There are potentially lethal strains of bacteria, traced to antibiotics produced by pharmaceutical corporation Bayer, present in pork, beef, and poultry. The German company's highly profitable products are also reported to encourage increasingly inhumane factory farming conditions.
Livestock on factory farms are regularly given antibiotics, said a report by Salon. It makes them gain weight on less feed, and reduces their chances of getting sick in confined quarters. But the use of these antibiotics also results in potentially dangerous antibiotic-resistant bacteria - super bugs - which have been detected in meats.
Bayer is the fourth largest veterinary medicines company in the world. In 2010, they achieved a turnover of around $217 million for the animal antibiotic Baytril.
Baytril injections for livestock are highly common. The drug's purpose is to treat infectious diseases in poultry (including turkey), cattle (including calves) and pigs. Its side effect is that its use the rearing of animals destined for human consumption makes human antibiotics increasingly ineffective, as noted by the European Food Safety Authority. The World Health Organization has also outlined the trouble with such antibiotics, and has demanded a ban on their large-scale use in animal rearing.
Last month, researchers found that 230 out of 395 pork cuts sold in grocery stores in the U.S. were tainted with a super bug called MRSA. Ironically, at around the same time, the FDA put a stopper on its thirty-year-long effort to curb the use of human antibiotics penicillin and tetracycline in livestock.
In addition to complicity in the development of serious health risks, Bayer is also partially guilty of encouraging the continuous substandard living conditions of livestock.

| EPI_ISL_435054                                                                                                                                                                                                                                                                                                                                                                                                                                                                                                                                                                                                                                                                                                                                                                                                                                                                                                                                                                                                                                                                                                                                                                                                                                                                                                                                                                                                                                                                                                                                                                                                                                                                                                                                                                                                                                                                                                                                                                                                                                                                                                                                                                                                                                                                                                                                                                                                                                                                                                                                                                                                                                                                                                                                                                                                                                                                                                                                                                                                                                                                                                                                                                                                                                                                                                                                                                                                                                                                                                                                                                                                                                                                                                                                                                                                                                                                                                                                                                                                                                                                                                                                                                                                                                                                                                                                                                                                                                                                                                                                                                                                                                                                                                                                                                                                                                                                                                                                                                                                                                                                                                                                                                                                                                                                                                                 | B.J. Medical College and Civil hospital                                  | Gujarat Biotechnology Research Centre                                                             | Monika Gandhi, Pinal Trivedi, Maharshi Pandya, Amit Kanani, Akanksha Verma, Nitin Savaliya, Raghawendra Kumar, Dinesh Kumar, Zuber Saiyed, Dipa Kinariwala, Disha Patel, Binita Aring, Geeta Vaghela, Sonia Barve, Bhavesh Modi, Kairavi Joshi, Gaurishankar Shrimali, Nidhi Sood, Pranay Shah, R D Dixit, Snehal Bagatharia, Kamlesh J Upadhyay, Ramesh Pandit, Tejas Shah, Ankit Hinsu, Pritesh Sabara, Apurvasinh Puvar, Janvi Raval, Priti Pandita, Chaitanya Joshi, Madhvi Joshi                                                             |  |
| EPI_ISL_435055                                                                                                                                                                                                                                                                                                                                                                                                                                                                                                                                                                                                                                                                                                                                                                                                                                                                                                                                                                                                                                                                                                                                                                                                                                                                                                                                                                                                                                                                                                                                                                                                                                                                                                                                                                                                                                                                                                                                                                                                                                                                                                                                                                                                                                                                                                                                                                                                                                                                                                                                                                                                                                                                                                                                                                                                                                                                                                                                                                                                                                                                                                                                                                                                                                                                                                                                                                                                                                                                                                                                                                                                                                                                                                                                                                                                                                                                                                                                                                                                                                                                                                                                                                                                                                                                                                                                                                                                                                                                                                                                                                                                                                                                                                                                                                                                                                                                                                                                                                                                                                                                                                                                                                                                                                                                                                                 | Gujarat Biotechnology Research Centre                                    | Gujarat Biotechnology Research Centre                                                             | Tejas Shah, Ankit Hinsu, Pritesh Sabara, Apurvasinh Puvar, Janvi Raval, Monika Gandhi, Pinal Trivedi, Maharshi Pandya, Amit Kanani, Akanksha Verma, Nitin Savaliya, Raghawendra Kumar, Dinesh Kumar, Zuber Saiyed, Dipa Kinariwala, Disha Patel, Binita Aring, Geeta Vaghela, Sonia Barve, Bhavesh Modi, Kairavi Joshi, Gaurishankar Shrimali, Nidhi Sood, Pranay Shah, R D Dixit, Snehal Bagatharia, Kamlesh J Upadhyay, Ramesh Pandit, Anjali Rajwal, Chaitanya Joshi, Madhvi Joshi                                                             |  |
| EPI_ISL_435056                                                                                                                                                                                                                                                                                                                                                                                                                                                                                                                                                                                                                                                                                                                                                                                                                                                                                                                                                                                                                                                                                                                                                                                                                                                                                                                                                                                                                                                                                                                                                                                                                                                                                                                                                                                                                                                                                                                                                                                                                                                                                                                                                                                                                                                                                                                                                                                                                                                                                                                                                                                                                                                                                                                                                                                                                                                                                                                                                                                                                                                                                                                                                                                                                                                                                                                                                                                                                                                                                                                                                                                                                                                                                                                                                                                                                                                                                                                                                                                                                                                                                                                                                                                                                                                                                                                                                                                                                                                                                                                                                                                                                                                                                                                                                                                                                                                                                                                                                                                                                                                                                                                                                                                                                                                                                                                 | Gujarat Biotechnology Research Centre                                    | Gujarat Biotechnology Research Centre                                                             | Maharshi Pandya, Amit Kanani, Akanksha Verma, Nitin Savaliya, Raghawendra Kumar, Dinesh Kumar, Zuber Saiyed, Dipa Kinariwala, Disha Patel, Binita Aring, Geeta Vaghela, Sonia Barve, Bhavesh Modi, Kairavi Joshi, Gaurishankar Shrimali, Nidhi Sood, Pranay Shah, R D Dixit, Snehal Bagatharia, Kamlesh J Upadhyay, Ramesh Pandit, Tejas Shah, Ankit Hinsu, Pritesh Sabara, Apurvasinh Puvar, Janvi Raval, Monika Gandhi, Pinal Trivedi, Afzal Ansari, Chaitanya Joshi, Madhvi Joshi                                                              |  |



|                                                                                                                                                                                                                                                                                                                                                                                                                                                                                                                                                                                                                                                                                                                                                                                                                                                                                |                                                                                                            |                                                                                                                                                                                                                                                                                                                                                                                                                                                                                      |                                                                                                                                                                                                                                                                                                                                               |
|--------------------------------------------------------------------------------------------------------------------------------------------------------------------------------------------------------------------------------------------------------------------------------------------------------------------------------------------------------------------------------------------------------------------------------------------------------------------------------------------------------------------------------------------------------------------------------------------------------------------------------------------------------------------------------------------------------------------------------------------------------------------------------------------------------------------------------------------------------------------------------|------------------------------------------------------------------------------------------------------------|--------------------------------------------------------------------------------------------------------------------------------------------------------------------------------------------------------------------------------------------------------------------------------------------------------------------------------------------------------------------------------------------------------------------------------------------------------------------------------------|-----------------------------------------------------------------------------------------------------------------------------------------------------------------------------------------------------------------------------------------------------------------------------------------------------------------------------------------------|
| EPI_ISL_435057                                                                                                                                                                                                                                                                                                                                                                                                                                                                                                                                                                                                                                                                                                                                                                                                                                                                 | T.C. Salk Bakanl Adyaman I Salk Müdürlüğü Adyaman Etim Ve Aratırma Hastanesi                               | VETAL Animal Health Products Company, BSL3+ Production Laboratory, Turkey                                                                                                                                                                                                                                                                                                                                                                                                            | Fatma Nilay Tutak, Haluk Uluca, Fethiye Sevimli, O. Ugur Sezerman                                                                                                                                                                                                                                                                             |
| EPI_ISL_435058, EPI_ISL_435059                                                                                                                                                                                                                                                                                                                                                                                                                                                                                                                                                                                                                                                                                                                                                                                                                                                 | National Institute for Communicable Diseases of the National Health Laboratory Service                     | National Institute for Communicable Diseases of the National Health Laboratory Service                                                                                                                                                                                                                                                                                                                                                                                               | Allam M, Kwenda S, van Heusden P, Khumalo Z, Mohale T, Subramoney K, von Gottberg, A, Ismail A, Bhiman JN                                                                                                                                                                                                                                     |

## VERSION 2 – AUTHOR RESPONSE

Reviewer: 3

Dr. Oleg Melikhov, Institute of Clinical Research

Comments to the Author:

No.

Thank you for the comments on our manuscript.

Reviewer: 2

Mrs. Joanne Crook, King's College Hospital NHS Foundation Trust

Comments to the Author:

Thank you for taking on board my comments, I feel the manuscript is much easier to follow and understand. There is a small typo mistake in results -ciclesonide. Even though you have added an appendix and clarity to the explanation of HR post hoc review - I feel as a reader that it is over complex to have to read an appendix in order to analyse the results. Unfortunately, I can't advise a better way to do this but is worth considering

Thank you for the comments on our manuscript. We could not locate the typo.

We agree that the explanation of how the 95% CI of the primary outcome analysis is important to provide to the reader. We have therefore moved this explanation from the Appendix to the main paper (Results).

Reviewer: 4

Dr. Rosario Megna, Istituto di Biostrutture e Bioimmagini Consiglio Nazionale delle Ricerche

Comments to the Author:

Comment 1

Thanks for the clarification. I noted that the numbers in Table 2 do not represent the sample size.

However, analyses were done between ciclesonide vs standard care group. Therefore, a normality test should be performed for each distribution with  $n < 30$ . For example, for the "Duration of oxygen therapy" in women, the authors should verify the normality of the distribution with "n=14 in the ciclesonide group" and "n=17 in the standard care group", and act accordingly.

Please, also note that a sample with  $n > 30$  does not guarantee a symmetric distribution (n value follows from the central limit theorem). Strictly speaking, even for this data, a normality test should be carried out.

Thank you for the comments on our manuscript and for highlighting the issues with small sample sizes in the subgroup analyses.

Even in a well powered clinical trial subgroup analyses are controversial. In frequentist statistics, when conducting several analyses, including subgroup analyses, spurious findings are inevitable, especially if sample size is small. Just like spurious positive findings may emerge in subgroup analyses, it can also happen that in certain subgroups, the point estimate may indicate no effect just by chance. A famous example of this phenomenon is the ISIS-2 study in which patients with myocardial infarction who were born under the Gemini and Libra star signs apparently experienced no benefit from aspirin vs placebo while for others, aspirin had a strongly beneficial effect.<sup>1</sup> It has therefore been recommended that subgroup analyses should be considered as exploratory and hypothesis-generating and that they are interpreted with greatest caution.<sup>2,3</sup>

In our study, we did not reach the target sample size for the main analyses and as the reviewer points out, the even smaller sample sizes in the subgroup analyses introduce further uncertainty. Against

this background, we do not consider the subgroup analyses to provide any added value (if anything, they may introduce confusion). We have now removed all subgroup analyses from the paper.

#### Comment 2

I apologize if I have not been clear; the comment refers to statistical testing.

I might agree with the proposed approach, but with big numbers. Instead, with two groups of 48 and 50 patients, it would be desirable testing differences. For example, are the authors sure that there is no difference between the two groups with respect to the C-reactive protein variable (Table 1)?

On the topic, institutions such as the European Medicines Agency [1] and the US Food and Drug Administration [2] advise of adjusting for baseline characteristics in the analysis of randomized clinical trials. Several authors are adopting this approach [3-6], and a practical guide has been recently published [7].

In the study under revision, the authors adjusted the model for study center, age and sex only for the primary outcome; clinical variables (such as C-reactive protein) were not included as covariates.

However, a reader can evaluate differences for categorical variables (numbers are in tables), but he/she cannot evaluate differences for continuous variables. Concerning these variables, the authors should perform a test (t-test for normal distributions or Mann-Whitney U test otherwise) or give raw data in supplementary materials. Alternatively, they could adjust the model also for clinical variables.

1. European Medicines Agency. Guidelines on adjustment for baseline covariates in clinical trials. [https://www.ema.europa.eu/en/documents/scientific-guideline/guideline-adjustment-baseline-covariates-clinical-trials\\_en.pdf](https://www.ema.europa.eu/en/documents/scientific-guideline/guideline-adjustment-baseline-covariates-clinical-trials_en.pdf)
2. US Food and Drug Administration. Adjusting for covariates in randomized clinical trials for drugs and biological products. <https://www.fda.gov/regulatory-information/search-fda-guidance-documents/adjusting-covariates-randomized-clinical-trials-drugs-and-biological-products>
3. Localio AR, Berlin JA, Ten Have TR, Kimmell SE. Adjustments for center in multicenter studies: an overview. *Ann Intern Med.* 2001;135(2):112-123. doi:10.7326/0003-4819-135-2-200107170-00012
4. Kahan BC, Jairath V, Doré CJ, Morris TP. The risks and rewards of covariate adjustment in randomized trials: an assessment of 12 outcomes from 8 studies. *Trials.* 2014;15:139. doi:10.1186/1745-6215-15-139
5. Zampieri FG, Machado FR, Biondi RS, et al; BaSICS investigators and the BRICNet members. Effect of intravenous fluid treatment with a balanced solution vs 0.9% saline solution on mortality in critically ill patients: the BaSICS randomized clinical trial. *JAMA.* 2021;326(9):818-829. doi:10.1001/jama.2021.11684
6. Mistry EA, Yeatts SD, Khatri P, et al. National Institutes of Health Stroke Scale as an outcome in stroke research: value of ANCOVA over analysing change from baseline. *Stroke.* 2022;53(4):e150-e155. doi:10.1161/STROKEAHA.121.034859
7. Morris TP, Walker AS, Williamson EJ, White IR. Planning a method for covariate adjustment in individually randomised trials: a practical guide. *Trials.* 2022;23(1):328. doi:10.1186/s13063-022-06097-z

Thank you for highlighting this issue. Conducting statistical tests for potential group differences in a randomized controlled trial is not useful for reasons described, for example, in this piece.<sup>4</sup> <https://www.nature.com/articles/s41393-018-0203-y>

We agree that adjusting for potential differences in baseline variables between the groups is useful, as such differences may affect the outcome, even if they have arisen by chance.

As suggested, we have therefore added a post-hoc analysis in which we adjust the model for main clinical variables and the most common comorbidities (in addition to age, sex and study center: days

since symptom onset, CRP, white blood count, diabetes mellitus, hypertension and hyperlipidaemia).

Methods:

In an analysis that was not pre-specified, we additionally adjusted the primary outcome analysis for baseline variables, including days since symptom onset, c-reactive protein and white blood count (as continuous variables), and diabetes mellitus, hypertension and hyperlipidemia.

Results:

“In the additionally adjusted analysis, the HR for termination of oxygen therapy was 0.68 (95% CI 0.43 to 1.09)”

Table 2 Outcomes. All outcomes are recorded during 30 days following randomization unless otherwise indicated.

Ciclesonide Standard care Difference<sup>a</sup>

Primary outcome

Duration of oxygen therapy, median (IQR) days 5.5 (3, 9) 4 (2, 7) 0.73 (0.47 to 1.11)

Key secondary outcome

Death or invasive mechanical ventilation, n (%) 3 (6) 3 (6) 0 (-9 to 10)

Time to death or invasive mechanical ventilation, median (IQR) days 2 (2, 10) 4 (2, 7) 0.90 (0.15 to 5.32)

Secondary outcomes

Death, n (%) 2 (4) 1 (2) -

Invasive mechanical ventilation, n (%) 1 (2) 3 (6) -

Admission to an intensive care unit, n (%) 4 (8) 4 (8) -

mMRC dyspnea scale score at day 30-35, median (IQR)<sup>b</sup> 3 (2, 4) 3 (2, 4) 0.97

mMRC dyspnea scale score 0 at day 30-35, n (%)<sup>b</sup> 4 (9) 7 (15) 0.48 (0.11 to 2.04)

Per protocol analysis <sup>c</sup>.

Philipp Mimkes of the activist group, Coalition Against Bayer Dangers, remarked, "Keeping thousands of animals in a cramped space would not be possible without the products of Bayer & Co. Bayer benefits from the disastrous conditions in factory farming where new diseases emerge constantly, thus bearing partial responsibility for the emergence of antibiotic-resistant strains."
In response, the CBG has proposed a series of goals to lessen the corporation's grip on farms. These include:
- Banning factory farming altogether, thus defeating the need for excessive use of antibiotics in the first place.
- Banning the routine dispensation of antibiotics in animal feed.
- Regularly and carefully documenting all use of antibiotics in the farmyard.
- Banning the routine use of antibiotics on entire herds.
CBG claims that Bayer has a history of carelessness that has had serious consequences. A decade ago, Bayer admitted it had known beforehand that it sold HIV-tainted blood clotting products, which infected thousands of hemophiliacs. And last year, one of its leading products, the anti-cholesterol drug Baycol, was linked to over 100 deaths.
On the corporate lobbying front, Bayer helped set up the Transatlantic Business Dialogue, a process where European and U.S. multinationals attempt to influence policy towards deregulation. Bayer is also part of the World Business Council for Sustainable Development, which tries to promote the idea that the solutions to problems like climate change belong in the hands of multinational corporations.
Back in 2007, the late Sen. Ted Kennedy stated in response to the troublesome use of antibiotics in factory farming: "It seems scarcely believable that these precious medications could be fed by the ton to chickens and pigs." Kennedy was working to support the Preservation of Antibiotics for Medical Treatment Act - legislation that has still not been passed.
"These precious drugs aren't even used to treat sick animals," he concluded. "They are used to fatten pigs and speed the growth of chickens. The result of this rampant overuse is clear: meat contaminated with bacteria sits on supermarket shelves all over America."
Photo: A pregnant female pig kept in a metal crate. The Humane Society of the United States/AP